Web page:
I went, as I took care to boast, on Tuesday to the club, and hear that I was thought to have performed as well as usual. I dined on fish, with the wing of a small turkey-chick; and left roast beef, goose, and venison-pie untouched. I live much on peas, and never had them so good for so long a time in any year that I can remember. Along with your kind letter yesterday came one, likewise very kind, from the Astons at Lichfield; but I do not know whether, as the summer is so far advanced, I shall travel so far; though I am not without hopes that frequent change of air may fortify me against the winter, which has been, in modern phrase, of late years very inimical to, Madam, your, &c.

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London, July 8. 1783. Langton and I have talked of passing a little time at Rochester together, till neither knows well how to refuse; though I think he is not eager to take me, and I am not desirous to be taken. His family is numerous, and his house little. I have let him know, for his relief, that I do not mean to burden him more than a week. He is, however, among those who wish me well, and would exert what power he has to do me good.

July 23. I have been thirteen days at Rochester, and am now just returned. I came back by water in a common boat twenty miles for a shilling; and when I landed at Billingsgate, I carried my budget myself to Cornhill before I could get a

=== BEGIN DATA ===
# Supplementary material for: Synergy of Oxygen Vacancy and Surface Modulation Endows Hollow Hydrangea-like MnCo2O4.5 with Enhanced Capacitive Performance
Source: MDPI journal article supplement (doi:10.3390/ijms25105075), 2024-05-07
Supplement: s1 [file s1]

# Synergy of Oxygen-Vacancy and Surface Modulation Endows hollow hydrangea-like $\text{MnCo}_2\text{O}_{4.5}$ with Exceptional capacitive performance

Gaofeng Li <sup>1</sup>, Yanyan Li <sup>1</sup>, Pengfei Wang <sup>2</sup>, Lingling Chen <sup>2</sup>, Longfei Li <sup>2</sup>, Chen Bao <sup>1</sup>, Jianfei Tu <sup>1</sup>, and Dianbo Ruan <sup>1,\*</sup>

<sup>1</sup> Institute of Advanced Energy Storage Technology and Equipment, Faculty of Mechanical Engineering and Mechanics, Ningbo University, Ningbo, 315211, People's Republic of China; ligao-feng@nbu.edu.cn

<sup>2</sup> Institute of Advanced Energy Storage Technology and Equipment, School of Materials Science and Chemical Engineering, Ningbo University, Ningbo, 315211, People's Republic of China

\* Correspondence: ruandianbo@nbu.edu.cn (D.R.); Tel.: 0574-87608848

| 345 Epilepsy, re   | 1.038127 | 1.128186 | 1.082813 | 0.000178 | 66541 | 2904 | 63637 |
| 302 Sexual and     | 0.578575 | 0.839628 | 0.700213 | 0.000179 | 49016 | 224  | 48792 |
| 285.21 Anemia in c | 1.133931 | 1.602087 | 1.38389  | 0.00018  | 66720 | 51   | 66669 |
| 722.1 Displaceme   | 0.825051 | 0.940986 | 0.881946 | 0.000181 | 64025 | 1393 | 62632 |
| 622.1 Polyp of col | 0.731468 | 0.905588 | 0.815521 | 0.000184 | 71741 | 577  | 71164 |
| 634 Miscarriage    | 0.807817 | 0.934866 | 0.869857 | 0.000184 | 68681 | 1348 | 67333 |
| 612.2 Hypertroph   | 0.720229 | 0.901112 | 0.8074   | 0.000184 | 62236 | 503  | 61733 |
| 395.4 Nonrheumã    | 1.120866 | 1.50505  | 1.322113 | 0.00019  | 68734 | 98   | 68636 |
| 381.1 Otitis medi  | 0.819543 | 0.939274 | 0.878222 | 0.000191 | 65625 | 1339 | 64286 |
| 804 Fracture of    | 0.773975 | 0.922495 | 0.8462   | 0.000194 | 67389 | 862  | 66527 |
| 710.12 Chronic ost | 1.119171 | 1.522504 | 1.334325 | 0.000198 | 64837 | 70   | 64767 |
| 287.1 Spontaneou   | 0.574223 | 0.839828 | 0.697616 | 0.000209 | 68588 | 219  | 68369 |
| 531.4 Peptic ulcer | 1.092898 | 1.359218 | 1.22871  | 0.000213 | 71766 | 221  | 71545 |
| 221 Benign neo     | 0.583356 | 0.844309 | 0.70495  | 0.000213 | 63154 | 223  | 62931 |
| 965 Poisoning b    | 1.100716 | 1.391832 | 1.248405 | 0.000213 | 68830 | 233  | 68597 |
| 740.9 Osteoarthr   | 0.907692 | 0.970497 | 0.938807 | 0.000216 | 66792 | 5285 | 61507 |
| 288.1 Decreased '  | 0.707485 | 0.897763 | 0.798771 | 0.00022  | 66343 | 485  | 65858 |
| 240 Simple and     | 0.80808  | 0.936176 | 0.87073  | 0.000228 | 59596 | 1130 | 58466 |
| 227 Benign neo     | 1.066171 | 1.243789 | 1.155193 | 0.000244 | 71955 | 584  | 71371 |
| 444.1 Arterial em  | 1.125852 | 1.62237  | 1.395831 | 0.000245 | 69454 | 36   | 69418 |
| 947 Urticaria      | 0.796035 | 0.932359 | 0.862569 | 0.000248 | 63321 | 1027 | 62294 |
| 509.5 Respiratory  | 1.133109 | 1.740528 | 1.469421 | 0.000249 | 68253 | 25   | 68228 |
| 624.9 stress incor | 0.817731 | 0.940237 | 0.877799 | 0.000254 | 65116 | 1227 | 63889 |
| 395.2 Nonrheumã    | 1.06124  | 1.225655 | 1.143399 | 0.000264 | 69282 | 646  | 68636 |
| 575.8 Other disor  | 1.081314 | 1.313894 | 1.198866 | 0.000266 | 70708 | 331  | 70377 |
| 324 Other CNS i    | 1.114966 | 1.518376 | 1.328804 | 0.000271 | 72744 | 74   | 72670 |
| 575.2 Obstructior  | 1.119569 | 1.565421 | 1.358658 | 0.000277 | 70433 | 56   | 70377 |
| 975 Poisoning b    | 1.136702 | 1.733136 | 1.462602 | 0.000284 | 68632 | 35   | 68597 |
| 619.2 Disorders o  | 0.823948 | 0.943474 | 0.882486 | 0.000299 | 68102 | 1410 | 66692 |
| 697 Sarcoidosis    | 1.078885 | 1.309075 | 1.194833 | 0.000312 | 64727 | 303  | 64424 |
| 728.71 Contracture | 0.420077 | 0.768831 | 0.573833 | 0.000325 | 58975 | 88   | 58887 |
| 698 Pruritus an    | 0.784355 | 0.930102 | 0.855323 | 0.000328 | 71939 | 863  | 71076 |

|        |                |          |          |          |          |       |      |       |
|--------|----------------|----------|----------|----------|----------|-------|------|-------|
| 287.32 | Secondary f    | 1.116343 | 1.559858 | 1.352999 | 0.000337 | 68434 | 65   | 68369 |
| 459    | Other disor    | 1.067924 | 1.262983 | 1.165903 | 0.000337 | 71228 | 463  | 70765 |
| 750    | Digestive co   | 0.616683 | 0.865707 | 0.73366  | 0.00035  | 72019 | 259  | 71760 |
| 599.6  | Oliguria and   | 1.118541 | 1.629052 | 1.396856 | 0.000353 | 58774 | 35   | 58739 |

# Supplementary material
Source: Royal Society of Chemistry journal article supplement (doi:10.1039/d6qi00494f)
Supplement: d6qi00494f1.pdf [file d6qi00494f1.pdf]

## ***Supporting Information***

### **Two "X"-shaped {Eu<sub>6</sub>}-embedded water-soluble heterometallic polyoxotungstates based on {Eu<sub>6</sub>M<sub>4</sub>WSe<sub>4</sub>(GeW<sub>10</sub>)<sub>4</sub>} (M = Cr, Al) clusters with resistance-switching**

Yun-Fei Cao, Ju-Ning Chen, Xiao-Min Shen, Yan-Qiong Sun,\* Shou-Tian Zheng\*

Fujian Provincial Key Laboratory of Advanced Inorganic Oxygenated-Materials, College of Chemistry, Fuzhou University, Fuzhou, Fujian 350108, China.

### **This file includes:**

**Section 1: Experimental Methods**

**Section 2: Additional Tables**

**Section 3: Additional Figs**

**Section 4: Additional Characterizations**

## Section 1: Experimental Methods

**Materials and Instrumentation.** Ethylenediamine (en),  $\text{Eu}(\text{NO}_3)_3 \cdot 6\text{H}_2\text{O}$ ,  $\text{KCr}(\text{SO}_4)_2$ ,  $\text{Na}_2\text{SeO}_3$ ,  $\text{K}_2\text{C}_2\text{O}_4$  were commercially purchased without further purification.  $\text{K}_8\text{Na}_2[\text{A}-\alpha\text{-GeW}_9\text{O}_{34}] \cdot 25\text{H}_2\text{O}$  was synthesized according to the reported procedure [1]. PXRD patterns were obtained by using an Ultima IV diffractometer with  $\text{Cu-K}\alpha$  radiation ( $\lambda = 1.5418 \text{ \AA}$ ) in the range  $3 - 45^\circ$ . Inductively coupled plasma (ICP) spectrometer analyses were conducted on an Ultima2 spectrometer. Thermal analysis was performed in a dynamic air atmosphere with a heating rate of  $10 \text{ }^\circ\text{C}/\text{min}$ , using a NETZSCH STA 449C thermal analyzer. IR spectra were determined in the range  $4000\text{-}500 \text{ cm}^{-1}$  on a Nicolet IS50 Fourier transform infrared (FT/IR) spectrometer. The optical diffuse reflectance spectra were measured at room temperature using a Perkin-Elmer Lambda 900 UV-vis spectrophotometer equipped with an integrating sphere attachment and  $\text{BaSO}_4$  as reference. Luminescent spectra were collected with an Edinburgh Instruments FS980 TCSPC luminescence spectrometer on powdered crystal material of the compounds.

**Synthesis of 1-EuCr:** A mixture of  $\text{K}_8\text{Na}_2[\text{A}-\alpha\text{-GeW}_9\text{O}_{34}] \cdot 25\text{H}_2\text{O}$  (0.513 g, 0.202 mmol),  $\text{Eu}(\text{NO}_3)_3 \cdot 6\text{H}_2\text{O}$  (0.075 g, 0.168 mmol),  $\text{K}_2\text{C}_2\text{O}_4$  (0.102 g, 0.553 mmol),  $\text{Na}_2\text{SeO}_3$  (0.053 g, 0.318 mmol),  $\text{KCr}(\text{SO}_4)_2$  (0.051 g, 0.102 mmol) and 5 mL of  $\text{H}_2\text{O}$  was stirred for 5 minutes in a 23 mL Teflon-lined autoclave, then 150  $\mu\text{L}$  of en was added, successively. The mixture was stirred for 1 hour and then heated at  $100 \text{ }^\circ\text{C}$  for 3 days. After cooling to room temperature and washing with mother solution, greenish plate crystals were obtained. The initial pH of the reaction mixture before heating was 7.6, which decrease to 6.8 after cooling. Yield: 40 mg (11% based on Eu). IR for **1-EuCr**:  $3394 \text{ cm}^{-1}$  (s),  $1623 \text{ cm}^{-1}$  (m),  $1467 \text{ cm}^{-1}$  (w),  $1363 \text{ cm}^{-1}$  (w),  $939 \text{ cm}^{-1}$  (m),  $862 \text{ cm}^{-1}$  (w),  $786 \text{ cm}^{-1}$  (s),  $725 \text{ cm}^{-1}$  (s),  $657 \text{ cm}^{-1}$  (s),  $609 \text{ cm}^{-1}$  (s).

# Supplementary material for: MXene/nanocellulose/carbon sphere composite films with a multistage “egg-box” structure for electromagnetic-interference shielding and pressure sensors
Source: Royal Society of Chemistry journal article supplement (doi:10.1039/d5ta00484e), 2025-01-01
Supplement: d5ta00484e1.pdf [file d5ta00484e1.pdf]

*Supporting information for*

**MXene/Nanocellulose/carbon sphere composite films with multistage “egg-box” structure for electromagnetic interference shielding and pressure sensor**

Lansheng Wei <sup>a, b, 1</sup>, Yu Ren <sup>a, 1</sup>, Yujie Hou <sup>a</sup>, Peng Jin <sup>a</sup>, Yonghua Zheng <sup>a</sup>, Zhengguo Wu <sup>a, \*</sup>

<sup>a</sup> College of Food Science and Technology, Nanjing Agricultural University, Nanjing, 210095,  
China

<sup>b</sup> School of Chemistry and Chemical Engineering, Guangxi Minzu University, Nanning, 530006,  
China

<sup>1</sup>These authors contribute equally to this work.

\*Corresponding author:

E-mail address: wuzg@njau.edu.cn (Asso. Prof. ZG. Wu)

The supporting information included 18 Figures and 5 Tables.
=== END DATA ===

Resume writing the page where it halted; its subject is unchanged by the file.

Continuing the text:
LETTER 504. TO MRS. MONTAGU.

Sept. 22. 1783.

MADAM, That respect which is always due to beneficence makes it fit that you should be informed, otherwise than by the papers, that, on the 6th of this month, died your pensioner, Anna Williams, of whom it may be truly said that she received your bounty with gratitude, and enjoyed it with propriety. You perhaps have still her prayers.

You have, Madam, the satisfaction of having alleviated the sufferings of a woman of great merit, both intellectual and moral. Her curiosity was universal, her knowledge was very extensive, and she sustained forty years of misery with steady fortitude. Thirty years and more she had been my companion, and her death has left me very desolate.

That I have not written sooner, you may impute to absence, to ill health, to any thing rather than want of regard to the benefactress of my departed friend. I am, Madam, your most humble servant.

LETTER 505.

TO MISS REYNOLDS.

Oct. 1. 1783.

DEAR MADAM, I am very ill indeed, and to my former illness is superadded the gout. I am now without shoes, and I have been lately almost motionless. To my other afflictions is added solitude. Mrs. Williams, a companion of thirty years, is gone. It is a comfort to me to have you near me. I am, dear Madam, &c.

LETTER 506. TO MRS. THRALE.

London, Oct. 6. 1783.

I yet sit without shoes, with my foot upon a pillow; but my pain and weakness are much abated, and I am no longer crawling upon two sticks. To the gout my mind is reconciled by another letter from Mr. Mudge, in which he vehemently urges the excision, and tells me that the gout will secure me from every thing paralytic: if this be true, I am ready to say